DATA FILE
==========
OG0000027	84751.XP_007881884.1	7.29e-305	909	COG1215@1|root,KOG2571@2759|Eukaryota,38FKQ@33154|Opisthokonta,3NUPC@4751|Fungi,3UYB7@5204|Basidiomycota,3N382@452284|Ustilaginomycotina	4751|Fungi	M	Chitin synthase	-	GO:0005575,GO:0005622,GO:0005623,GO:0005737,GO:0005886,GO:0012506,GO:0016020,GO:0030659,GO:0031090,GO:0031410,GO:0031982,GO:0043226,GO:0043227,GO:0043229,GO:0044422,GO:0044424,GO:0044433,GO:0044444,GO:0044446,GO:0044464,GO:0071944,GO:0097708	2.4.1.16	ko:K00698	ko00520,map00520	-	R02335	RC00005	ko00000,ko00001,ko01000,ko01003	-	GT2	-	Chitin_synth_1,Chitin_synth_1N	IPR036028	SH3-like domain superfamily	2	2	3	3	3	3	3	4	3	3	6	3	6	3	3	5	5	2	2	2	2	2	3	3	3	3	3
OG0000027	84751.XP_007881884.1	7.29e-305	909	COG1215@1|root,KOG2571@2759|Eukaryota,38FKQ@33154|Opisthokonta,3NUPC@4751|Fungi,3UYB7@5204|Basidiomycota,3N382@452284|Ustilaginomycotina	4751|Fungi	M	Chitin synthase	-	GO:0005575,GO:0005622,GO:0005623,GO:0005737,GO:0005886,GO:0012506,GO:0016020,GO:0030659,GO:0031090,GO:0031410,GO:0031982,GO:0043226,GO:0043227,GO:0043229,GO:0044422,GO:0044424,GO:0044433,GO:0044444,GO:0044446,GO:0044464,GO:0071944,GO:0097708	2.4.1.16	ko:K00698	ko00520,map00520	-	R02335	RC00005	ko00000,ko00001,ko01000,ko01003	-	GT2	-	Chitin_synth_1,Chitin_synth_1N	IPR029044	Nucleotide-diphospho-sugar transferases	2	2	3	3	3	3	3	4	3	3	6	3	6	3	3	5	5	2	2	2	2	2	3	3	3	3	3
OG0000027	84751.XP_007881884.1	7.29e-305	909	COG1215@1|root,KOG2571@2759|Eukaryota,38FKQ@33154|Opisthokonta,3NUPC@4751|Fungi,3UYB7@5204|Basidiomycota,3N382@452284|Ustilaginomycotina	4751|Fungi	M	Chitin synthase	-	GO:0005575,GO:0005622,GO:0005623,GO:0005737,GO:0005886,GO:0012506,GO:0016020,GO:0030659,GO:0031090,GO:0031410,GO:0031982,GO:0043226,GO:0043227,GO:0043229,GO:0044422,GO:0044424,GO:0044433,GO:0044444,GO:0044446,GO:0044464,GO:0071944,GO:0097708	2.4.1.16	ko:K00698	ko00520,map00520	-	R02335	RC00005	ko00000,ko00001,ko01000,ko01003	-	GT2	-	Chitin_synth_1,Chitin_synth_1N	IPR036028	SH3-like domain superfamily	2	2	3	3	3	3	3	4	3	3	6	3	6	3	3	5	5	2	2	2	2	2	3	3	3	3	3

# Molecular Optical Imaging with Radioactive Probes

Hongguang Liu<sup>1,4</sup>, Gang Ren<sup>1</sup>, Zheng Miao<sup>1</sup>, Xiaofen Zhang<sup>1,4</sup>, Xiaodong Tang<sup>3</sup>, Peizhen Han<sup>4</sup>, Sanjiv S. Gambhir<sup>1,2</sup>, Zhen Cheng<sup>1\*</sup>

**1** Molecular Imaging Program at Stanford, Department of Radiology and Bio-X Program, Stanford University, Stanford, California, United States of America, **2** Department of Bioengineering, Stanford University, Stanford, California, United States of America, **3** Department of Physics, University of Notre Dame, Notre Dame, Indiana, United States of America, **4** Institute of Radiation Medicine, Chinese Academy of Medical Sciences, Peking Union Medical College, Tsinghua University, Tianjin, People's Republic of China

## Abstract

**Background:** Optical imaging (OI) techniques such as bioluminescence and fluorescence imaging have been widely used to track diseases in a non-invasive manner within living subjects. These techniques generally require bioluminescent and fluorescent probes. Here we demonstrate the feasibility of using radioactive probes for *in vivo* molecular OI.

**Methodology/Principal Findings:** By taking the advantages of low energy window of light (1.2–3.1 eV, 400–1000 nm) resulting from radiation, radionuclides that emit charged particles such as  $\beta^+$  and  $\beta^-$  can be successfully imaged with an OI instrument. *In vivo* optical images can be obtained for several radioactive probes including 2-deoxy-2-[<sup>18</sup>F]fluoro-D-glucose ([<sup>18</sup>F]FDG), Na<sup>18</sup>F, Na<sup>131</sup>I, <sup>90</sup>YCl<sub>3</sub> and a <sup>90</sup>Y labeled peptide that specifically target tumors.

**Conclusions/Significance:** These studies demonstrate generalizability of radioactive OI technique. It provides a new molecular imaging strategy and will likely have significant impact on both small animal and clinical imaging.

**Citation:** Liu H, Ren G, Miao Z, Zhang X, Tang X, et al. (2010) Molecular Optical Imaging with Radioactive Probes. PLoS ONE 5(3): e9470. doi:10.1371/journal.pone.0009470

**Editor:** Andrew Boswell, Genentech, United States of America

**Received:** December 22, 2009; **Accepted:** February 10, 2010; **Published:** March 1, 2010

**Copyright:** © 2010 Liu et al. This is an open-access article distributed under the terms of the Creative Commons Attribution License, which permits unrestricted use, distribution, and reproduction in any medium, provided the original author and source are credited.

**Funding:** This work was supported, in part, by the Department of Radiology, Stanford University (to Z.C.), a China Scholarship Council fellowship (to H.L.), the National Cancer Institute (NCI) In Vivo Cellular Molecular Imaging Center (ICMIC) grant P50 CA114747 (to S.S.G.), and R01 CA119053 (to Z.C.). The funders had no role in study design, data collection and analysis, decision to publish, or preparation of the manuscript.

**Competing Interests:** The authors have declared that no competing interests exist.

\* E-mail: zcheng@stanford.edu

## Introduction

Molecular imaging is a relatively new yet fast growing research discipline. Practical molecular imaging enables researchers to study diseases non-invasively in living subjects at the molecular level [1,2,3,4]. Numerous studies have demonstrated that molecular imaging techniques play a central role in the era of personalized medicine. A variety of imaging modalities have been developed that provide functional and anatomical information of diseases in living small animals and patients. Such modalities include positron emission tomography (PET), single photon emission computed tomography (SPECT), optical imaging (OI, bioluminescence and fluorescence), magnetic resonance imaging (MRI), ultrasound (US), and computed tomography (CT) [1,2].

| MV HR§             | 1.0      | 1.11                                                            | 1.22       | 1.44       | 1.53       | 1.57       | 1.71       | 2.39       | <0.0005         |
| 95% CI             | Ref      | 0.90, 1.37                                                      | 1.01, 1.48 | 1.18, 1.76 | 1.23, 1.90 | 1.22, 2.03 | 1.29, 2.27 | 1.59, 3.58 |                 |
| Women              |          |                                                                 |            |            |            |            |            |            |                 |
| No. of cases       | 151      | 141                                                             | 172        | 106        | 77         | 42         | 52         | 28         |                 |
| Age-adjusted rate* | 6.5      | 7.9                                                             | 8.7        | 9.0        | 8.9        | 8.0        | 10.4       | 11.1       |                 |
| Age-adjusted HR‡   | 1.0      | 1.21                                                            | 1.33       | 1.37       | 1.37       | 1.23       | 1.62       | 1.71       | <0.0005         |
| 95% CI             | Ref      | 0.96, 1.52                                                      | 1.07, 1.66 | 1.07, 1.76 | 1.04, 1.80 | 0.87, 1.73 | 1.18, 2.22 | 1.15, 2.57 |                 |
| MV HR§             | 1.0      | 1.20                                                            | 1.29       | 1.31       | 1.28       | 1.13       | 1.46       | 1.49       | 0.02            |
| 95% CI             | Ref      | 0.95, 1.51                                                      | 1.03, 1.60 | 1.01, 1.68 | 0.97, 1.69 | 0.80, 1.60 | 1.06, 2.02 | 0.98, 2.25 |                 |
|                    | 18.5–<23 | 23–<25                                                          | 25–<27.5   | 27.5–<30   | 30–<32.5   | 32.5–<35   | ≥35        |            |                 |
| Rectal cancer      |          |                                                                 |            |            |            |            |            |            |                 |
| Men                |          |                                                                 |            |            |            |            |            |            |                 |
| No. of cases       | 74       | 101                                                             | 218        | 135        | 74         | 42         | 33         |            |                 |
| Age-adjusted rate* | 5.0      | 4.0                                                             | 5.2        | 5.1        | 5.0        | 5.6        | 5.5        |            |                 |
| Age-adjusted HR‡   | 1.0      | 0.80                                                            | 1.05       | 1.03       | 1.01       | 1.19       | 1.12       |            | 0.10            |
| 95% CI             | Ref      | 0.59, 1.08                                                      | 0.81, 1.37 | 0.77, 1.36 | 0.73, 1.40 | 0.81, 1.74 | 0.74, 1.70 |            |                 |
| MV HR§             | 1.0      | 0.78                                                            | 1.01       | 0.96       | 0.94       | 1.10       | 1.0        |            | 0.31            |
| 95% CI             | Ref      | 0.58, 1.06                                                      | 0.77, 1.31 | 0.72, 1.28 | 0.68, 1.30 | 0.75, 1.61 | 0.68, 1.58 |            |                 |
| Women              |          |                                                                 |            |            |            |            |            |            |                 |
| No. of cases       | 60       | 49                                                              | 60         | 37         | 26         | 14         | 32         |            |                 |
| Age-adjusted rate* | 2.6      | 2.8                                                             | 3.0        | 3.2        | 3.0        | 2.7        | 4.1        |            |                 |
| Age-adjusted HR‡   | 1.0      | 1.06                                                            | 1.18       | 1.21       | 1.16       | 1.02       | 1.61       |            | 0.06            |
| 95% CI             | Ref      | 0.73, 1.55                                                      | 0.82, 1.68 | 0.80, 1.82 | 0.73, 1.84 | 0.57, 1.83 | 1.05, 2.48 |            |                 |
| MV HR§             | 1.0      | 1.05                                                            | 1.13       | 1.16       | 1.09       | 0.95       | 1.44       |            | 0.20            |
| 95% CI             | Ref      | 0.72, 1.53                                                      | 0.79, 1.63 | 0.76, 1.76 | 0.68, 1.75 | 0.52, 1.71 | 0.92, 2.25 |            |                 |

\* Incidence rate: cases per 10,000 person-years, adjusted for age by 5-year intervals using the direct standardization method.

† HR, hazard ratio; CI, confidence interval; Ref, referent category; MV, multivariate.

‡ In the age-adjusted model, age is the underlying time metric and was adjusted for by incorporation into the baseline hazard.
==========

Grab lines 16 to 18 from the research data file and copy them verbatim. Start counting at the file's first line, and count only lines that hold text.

**Competing Interests:** The authors have declared that no competing interests exist.

\* E-mail: zcheng@stanford.edu

## Introduction